Ten Gadget Patents That We Hope Will Turn Into Real Products

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The Lego Supercomputer

Normally, we wouldn't expect to get all that excited over an IBM patent for a technology designed to help data centers conserve energy and space. We're kind of smitten with this one, though. It involves computers, storage, and other electronics built into brick-shaped modules that snap together.

When a company needed more computing power, all it would have to do is stack up more bricks. The patent explains that the bricks can be assembled into cubes, walls, towers, and L-shaped formations, practically inviting IT people to get creative. Wonder if you could build something like this?

Well Armed

Take Roomba, add a dash of the Addams Family's Thing, and you end up with something at least vaguely akin to this robot patented by Panasonic.

It's essentially an arm on wheels--and if you owned one, you could put it to work scooting around your house, picking up stuff, and putting it where it belongs. (Hey, Roomba is mighty handy, but it can't toss a dirty sock into a laundry hamper.) Afraid that a robot helper would be a clumsy recipe for disaster? The patent explains that the arm is smart enough to treat each object appropriately: It whisks away empty glasses at high speed; but presented with a glass containing liquid, it handles the receptacle slowly and gingerly. Maybe...but we can't help recalling the trouble Dr. Strangelove had with a mechanical arm that didn't have wheels.

A Hamster Wheel for Humans

You're wearing electronic goggles. You've donned a suit covered in sensors. But your virtual reality world still doesn't feel all that real, because you can't roam freely.

This solution comes from a Russian inventor: Explore the world inside a giant, Wiffle Ball-like globe mounted on rollers, so you can walk, run, or even zip along behind the steering wheel of a fake car. The patent drawings seem to depict a truly mammoth sphere; even if you could afford it, you probably couldn't squeeze it through your front door. But if there were any way to build a junior version--say as a Wii Fit accessory--we'd be all over it.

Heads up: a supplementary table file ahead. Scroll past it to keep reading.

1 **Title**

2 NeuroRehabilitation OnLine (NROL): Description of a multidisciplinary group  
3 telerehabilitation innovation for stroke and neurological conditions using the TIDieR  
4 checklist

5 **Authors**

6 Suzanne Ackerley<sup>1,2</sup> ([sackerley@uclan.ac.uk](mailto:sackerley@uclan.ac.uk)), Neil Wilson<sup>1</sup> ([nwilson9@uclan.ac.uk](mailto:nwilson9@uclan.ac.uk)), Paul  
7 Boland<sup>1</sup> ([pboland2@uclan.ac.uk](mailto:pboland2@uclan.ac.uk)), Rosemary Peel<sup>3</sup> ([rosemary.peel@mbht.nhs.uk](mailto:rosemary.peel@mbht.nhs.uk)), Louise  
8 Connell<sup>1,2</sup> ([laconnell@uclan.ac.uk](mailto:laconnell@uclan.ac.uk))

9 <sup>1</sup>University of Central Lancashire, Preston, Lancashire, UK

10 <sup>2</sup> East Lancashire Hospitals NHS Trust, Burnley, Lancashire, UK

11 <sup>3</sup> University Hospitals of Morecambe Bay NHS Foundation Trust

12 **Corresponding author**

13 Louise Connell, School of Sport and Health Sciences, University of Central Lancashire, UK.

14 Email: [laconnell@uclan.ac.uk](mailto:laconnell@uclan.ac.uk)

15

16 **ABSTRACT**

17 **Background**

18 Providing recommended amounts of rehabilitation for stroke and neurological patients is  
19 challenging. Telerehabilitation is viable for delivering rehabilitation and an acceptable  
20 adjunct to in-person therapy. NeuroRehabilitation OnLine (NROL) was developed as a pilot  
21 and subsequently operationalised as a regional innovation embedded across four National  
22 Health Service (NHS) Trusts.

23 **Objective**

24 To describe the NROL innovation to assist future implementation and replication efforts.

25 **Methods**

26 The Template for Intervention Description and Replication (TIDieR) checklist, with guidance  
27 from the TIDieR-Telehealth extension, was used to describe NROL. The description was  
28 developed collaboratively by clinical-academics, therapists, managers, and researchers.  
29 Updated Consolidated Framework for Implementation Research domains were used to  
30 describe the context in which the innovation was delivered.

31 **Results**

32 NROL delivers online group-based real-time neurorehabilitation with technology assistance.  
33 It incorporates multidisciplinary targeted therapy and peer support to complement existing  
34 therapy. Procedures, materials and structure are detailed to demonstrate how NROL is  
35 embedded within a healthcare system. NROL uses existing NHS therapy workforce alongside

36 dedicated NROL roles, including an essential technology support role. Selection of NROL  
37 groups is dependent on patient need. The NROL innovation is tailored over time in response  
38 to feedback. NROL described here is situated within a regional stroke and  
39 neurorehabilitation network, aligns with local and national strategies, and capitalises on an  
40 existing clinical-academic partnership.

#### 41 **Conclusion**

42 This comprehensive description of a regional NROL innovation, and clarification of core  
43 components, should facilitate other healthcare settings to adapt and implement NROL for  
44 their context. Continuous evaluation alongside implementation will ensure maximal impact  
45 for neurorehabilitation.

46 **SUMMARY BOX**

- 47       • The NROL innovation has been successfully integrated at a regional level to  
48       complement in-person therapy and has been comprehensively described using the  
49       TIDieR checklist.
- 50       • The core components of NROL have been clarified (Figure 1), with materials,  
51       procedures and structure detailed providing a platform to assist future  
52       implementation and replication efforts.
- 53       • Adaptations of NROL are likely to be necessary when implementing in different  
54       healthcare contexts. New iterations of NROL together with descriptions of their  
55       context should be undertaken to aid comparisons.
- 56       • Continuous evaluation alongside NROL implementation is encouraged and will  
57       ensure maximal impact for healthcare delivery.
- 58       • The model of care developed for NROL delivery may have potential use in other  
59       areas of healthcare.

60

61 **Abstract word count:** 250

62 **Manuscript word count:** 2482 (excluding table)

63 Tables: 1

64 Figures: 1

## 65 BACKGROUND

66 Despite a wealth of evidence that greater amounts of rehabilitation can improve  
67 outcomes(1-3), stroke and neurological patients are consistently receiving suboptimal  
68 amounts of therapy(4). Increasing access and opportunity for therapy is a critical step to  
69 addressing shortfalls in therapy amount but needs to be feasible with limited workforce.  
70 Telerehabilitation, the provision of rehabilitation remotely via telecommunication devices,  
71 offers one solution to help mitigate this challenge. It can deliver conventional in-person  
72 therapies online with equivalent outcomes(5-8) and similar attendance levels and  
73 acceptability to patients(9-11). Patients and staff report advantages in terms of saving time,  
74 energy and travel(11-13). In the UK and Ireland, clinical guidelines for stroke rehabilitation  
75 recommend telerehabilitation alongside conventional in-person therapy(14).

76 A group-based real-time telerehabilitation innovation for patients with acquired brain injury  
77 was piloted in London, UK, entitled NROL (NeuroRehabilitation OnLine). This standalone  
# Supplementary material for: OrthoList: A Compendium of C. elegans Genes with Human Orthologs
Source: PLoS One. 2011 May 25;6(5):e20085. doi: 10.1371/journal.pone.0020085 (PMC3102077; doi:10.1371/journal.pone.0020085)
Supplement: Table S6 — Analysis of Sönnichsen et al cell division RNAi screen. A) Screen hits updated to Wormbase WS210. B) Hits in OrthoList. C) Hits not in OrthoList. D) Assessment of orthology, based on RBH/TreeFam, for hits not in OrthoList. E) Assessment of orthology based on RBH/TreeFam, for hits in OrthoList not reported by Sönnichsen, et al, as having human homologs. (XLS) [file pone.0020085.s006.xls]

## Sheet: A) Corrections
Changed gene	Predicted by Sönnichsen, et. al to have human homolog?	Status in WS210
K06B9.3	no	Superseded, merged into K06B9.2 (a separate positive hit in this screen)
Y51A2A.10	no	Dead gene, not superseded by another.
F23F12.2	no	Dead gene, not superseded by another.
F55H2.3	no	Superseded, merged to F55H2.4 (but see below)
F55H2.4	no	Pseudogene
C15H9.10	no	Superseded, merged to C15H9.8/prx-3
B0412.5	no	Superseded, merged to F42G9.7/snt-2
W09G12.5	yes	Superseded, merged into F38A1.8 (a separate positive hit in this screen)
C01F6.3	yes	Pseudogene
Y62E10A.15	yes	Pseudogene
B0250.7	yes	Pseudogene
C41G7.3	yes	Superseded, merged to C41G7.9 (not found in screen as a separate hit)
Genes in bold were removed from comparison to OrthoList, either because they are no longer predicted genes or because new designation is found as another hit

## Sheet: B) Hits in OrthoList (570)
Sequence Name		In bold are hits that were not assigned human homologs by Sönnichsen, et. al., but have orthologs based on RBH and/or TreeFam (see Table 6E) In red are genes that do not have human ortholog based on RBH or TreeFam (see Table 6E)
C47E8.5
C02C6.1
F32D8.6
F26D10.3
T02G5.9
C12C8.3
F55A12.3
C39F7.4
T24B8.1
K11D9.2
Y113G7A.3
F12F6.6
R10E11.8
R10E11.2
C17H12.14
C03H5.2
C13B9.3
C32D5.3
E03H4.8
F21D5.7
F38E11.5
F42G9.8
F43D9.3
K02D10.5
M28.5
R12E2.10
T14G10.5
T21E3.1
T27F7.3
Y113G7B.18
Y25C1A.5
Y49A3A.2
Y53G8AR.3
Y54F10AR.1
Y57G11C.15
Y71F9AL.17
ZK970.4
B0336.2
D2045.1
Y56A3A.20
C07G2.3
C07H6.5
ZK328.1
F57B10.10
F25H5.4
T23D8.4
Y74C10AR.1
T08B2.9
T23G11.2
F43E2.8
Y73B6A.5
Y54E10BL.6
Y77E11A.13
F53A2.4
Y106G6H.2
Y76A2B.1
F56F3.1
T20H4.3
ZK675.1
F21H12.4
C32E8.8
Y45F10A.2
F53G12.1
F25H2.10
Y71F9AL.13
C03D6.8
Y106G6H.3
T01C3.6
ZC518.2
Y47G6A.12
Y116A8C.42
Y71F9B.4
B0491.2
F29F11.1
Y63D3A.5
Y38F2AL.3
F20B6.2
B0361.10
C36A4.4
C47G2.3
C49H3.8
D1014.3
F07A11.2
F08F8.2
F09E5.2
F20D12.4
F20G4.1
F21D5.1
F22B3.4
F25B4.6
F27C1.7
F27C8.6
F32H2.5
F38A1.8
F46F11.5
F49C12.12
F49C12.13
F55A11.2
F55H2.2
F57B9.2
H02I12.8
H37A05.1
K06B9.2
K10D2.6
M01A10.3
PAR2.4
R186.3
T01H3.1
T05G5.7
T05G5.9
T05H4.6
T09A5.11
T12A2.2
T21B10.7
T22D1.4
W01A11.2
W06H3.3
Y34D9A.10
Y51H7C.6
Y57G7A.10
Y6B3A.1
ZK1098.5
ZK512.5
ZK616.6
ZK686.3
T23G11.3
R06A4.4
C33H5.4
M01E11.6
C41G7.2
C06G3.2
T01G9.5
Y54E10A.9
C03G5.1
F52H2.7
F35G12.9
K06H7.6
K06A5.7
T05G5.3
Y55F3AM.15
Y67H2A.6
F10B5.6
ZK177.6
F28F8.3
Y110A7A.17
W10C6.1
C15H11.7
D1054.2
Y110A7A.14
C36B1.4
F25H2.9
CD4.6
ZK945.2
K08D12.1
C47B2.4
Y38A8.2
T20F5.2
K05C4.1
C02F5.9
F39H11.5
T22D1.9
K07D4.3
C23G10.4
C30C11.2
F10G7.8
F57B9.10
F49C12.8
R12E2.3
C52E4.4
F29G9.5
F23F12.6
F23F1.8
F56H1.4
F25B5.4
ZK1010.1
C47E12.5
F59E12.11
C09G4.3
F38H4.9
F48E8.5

Personal Zipper Network

You say the Scott eVest, with its profusion of gadget pockets, isn't nerdy enough for you? Then you may covet the jacket shown in this Nokia patent for smart clothing, modeled in this drawing by an appropriately geeky-looking (and evidently quite self-satisfied) user. Like the eVest, it has plenty of pockets for your gizmos. But it's also networked, thanks to a zipper that doubles as a fiber-optic backbone for routing data between pocketed items.

Nokia envisions owners activating different products by pulling the zipper down to varying positions--which leaves us feeling grateful that the patent involves a jacket rather than pants.

The iPhone of Remotes

Logitech's Harmony universal remote controls are impressive, but plenty of potential remains for building a radically better remote. And if any company is up to the job, it's Apple, which has at least toyed with the idea of making a universal remote. This Apple patent, filed in 2002, predates the iPhone by years but outlines a decidedly iPhone-esque remote, complete with a touchscreen.

The niftiest feature: It would be compatible with smart consumer-electronics products that could alert the remote to their feature sets, allowing one-click configuration.

At this point, such an innovation needn't take the form of a stand-alone device--it could be a major new feature of the next iPhone and/or iPod Touch.

So that's ten products we'd love to try if they ever make it past the drawing board. Seen any cool patents that you'd add to our list? Drop us a line below.

Harry McCracken, the former editor in chief of PC World, now blogs at Technologizer.

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